What has been interesting to me is that, as MMA captures share of the fight market from both boxing and pro wrestling, the first journalists to make the switch to covering MMA were from the pro wrestling side, not boxing. The classical pro wrestling journalists like Meltzer were much more interested in covering MMA in its earlier days than were boxing journalists and publications interested in covering boxing. A lot of that has to do with the fact that pro wrestling fans were increasingly more interested in MMA than the WWE/WCW/TNA in the US or over shoot style/NJPW/AJPW etc. in Japan. Now you see some expansion on the boxing side of things, with boxingscene.com and others incorporating MMA coverage, but you won’t see Burt Sugar interviewing Lyoto Machida any time soon. Similarly, you saw the outrage from the HBO establishment in the form of Jim Lampley. Guys like Max Kellerman, willing to acknowledge the ascendancy of MMA, are rare but becoming more prevalent.

    Furthermore as the anonymous commenter above pointed out, MMA journalism is still a labor of love. Besides having a stigma associated with it, it also doesn’t pay very well. Many people like me are avid fans and dabble in writing and posting, but have careers of their own in entirely separate industries — whether those are journalism-related or not. UFCJunkie is much better known as an author in other sports fields, for example. He generally doesn’t even post under his real name in an effort [I assume] to maintain that distinction. Almost everyone doing this, with the exception of top-tier news sites like Sherdog and MMAWeekly that bring in significant income, do it at a moderate loss, for free or for very little money. That’s not going to attract the best and the brightest, unless they’re addicts.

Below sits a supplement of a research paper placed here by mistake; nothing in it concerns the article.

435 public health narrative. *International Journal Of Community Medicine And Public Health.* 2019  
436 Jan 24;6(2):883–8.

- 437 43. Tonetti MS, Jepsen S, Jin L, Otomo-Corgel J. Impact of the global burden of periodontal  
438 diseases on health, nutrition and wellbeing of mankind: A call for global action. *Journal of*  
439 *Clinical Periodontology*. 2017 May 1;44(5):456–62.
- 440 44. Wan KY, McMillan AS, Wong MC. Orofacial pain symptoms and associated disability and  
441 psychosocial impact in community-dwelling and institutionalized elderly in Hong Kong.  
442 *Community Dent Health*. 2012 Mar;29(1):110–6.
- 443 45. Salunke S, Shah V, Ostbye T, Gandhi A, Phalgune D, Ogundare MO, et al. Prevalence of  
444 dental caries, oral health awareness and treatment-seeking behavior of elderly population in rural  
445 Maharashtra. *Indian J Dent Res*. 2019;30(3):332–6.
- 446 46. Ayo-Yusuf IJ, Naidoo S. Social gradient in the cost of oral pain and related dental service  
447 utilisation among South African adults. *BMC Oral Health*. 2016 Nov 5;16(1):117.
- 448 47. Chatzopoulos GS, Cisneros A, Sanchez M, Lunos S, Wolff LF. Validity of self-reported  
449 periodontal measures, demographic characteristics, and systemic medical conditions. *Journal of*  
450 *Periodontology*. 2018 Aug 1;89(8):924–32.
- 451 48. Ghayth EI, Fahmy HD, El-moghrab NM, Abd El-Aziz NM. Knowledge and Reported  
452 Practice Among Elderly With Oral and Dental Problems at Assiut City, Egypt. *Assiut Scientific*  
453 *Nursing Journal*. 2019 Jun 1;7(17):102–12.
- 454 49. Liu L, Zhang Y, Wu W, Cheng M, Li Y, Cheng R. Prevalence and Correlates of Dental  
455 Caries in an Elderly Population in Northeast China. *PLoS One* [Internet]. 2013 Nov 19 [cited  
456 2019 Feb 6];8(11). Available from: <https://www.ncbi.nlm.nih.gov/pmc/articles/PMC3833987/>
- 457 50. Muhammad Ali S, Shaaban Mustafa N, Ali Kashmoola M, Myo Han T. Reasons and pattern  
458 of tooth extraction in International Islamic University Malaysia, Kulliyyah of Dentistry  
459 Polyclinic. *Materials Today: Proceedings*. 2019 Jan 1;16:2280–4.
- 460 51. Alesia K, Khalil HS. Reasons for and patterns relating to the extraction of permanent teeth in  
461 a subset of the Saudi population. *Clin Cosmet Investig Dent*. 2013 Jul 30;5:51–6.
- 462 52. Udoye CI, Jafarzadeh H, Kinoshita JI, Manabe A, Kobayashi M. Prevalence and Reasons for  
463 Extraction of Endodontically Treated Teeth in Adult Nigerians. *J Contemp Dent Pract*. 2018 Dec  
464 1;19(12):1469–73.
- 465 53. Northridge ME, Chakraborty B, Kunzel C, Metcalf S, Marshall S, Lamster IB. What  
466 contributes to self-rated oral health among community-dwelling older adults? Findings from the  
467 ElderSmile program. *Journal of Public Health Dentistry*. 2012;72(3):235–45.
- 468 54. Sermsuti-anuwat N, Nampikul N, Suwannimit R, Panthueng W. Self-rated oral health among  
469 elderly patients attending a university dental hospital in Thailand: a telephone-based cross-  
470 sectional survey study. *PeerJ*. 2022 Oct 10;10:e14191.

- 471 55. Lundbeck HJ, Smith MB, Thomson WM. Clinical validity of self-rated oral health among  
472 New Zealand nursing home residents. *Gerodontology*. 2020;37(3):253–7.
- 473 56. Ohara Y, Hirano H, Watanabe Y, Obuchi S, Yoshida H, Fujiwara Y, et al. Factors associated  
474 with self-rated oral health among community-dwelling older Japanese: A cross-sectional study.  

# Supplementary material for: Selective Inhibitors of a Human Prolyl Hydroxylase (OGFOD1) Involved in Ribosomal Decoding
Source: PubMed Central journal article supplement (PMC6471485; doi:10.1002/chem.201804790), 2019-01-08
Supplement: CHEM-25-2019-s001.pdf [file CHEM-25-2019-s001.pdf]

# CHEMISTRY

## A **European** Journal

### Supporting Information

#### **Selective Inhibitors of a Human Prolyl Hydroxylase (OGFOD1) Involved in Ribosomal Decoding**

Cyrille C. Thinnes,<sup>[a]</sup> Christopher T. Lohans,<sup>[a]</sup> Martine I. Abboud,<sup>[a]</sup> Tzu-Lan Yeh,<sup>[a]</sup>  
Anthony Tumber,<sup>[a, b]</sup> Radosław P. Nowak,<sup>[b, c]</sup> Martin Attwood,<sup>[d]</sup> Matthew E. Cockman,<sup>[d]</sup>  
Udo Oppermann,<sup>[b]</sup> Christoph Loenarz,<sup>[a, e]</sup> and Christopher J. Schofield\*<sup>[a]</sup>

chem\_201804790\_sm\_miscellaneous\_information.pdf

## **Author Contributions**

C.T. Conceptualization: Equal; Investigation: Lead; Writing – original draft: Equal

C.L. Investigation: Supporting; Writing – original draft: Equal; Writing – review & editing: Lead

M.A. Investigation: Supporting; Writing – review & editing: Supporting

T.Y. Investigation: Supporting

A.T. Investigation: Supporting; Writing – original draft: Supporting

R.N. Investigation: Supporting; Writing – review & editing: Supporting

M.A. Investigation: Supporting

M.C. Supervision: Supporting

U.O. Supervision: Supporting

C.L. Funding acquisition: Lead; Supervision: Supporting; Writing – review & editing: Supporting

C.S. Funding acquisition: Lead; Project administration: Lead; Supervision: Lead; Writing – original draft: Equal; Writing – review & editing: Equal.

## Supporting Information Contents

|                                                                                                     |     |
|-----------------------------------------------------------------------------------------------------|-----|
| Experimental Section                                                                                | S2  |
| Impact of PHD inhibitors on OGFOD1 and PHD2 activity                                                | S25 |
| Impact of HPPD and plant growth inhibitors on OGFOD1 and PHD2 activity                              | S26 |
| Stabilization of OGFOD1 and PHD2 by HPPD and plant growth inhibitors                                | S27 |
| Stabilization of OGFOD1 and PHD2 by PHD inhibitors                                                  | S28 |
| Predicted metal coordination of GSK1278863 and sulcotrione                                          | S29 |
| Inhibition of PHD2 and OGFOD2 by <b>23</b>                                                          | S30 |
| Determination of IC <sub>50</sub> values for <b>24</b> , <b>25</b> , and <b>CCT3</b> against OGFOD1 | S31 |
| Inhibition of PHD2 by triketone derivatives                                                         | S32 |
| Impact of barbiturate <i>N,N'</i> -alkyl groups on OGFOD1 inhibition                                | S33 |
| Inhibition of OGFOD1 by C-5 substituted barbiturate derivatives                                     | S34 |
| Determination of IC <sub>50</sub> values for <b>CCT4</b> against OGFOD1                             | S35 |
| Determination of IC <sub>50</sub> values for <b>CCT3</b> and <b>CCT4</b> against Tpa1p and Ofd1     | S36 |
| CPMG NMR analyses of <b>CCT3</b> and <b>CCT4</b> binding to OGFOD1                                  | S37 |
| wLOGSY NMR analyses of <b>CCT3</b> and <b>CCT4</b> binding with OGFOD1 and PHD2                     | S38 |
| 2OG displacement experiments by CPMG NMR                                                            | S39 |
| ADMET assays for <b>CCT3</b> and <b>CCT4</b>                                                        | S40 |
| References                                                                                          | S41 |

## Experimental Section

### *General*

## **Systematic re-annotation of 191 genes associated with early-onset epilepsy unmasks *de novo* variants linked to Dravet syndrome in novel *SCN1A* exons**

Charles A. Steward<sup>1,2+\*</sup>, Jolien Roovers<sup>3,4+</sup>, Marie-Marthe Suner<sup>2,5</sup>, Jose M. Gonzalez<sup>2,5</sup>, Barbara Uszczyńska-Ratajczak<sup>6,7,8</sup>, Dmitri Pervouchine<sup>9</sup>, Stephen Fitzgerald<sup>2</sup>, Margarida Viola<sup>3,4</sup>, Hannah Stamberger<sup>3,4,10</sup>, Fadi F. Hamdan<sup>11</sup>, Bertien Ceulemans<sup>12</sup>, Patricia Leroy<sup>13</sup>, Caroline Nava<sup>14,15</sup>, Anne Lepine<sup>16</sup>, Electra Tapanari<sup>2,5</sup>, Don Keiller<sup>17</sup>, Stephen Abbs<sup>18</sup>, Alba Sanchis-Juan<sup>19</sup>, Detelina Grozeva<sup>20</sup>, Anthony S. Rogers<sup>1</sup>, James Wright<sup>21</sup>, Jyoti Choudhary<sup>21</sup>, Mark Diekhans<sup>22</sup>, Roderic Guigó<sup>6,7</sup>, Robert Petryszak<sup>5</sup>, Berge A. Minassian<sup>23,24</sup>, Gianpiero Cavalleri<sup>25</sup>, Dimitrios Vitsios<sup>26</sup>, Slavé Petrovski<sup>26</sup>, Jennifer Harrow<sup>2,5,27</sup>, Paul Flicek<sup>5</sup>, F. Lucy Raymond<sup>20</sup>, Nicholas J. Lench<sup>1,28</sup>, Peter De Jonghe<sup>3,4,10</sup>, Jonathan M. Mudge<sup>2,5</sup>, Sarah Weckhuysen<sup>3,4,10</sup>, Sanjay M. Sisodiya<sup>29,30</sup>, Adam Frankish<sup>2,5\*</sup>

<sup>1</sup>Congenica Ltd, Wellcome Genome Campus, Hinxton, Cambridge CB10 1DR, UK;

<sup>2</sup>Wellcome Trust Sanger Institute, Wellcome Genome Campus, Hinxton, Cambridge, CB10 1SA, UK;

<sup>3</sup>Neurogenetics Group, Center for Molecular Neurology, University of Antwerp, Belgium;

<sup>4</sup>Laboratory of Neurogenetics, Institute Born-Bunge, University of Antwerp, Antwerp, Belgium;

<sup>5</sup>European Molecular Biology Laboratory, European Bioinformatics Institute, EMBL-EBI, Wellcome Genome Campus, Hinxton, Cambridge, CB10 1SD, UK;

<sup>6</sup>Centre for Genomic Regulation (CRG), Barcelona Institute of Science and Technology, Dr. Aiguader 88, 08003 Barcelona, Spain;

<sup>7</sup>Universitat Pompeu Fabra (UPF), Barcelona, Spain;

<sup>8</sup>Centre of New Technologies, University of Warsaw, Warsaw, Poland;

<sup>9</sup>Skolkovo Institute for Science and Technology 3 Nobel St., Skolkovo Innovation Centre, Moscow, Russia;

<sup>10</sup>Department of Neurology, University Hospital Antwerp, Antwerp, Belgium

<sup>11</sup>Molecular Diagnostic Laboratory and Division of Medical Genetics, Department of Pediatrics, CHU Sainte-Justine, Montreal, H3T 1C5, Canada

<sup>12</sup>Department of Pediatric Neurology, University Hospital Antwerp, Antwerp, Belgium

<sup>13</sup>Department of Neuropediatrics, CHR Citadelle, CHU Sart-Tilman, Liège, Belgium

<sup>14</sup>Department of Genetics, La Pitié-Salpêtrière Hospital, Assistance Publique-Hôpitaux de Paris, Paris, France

29. Euthyphro says:

    One more thing on what Anonymous said:

    The ideal MMA journalist should be [A] well-versed on the history of the sport, [B] possess an encyclopedic knowledge of past fights, [C] would know enough about fight technique and strategy to comment intelligently, [D] needs connections within the fight game to land interviews and inside info, [E] and should be able to write well enough to get all those points across. That’s the kind of skill-set that needs to be pursued full time. Any less, and at least one of those categories is going to suffer.